Worrying might seem like a minor distraction that’s just part of your daily life. But there are at least three reasons why we should follow Dharma Master Cheng Yen’s advice to avoid worry and anxiety.
For one thing, worry is a form of arrogance. When we worry about a situation—often one that we got ourselves into, or even something imaginary—we’re complain that we’re too important to have to deal with the cause of our concern.
Secondly, it distracts us from solving the difficulty. Every minute spent worrying could have brought us a minute closer to finding a resolution.
It also weakens us by making us feel more dependent on other people or circumstances that we wish were different.
For example, Master Cheng Yen tells the story of a man who trained roosters to participate in cockfights. One day he decided to train his prize rooster differently. Within a few days the bird had become a champion, because it was impervious to the excited provocations of opposing roosters.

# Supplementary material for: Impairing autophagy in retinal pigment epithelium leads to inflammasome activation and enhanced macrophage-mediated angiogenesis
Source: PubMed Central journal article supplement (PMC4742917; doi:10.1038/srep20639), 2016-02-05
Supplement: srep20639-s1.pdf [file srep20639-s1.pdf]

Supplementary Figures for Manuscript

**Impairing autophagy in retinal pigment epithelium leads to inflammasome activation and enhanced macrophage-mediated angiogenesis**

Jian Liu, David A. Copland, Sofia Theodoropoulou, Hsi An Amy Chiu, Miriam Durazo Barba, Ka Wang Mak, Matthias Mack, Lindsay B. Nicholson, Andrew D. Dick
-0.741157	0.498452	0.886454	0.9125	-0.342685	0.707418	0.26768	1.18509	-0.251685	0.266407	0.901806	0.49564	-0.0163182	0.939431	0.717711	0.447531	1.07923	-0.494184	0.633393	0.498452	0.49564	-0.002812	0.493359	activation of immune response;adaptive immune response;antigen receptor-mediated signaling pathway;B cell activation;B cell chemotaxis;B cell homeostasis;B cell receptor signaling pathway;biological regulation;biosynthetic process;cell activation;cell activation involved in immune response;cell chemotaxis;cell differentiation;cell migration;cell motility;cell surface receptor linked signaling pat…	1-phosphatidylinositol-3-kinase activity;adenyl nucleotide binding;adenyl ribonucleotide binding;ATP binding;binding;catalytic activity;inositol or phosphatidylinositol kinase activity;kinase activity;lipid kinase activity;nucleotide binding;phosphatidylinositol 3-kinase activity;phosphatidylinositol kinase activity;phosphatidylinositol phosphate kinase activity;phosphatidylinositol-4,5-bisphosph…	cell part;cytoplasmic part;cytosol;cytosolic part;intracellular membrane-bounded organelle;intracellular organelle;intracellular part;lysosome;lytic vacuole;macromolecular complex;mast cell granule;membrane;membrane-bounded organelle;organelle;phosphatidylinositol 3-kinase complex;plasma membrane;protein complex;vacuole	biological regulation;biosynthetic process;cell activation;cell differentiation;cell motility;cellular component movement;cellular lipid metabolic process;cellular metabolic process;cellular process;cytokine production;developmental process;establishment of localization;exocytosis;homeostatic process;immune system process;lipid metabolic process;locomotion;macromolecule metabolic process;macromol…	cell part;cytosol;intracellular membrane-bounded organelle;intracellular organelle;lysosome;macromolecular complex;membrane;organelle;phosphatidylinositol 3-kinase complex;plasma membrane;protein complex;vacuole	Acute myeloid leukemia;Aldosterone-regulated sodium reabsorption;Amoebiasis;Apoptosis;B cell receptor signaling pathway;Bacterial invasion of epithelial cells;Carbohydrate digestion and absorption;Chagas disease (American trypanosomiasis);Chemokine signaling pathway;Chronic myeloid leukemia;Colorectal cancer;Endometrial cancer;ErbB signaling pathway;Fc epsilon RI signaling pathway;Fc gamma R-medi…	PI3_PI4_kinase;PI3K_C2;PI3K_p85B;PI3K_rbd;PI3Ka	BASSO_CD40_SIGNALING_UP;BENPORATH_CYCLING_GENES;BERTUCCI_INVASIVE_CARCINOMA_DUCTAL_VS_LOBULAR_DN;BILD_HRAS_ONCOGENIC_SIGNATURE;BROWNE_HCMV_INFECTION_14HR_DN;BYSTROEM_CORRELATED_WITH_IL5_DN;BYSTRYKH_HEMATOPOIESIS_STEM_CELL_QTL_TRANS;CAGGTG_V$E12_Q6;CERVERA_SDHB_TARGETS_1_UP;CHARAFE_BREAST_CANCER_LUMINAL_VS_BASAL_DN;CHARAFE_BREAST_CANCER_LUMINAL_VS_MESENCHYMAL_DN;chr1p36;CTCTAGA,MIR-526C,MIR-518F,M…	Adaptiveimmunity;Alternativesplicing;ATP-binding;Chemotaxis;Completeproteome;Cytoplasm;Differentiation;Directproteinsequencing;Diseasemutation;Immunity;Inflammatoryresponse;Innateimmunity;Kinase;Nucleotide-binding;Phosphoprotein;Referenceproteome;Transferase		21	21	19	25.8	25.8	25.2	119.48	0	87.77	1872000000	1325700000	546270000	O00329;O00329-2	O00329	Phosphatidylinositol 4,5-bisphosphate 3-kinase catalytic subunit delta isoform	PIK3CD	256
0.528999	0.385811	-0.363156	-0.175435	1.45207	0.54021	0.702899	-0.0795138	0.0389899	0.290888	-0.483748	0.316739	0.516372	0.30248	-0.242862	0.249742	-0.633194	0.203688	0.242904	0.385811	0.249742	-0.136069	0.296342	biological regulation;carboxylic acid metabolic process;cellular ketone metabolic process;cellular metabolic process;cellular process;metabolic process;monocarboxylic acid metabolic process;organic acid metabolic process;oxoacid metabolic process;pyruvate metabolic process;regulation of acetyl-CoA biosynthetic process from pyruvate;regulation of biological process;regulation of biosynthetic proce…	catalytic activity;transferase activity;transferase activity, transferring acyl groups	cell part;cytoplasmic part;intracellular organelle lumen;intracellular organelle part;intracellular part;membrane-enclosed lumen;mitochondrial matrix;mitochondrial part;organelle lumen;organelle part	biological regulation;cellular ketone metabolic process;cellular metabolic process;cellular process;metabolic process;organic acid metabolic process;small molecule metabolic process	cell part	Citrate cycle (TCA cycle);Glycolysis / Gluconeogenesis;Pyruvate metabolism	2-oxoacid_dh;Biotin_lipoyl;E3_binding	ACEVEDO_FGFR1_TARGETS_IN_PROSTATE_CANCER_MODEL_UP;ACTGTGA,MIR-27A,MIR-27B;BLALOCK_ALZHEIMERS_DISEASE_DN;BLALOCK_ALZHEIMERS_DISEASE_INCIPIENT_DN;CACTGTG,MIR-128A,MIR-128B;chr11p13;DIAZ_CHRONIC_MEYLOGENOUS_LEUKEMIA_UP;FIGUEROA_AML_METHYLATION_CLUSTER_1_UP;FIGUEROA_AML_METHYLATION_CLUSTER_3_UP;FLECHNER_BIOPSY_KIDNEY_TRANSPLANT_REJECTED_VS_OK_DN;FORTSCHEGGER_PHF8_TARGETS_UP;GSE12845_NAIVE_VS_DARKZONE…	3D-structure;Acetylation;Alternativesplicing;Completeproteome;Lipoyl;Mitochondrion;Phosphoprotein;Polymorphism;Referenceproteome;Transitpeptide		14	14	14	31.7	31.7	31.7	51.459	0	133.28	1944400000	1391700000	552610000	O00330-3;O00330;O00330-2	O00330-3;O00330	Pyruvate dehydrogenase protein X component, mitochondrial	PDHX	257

Jump and screech as they might, the other birds couldn’t provoke him into pointless action. Instead, the rooster stood stock still until an advantageous moment presented itself. Then he could quickly and efficiently take advantage of it.
Worry and anxiety make us behave like those jumpy birds. They throw us off balance as we nervously guess what will happen next, and what we should do in response.
Being able to remain calm in frenetic or uncertain situations demonstrates the personal cultivation that each of us should aspire to. And in today’s uncertain and fast-paced world, we have plenty of opportunities to work on our tendency to worry.
Many people take daily supplements for better physical and mental health. Register today as a Power of 5 contributor; then think of your small monthly donation as a “cultivation supplement.” Use it as a reminder that you can become someone who worries less and does more.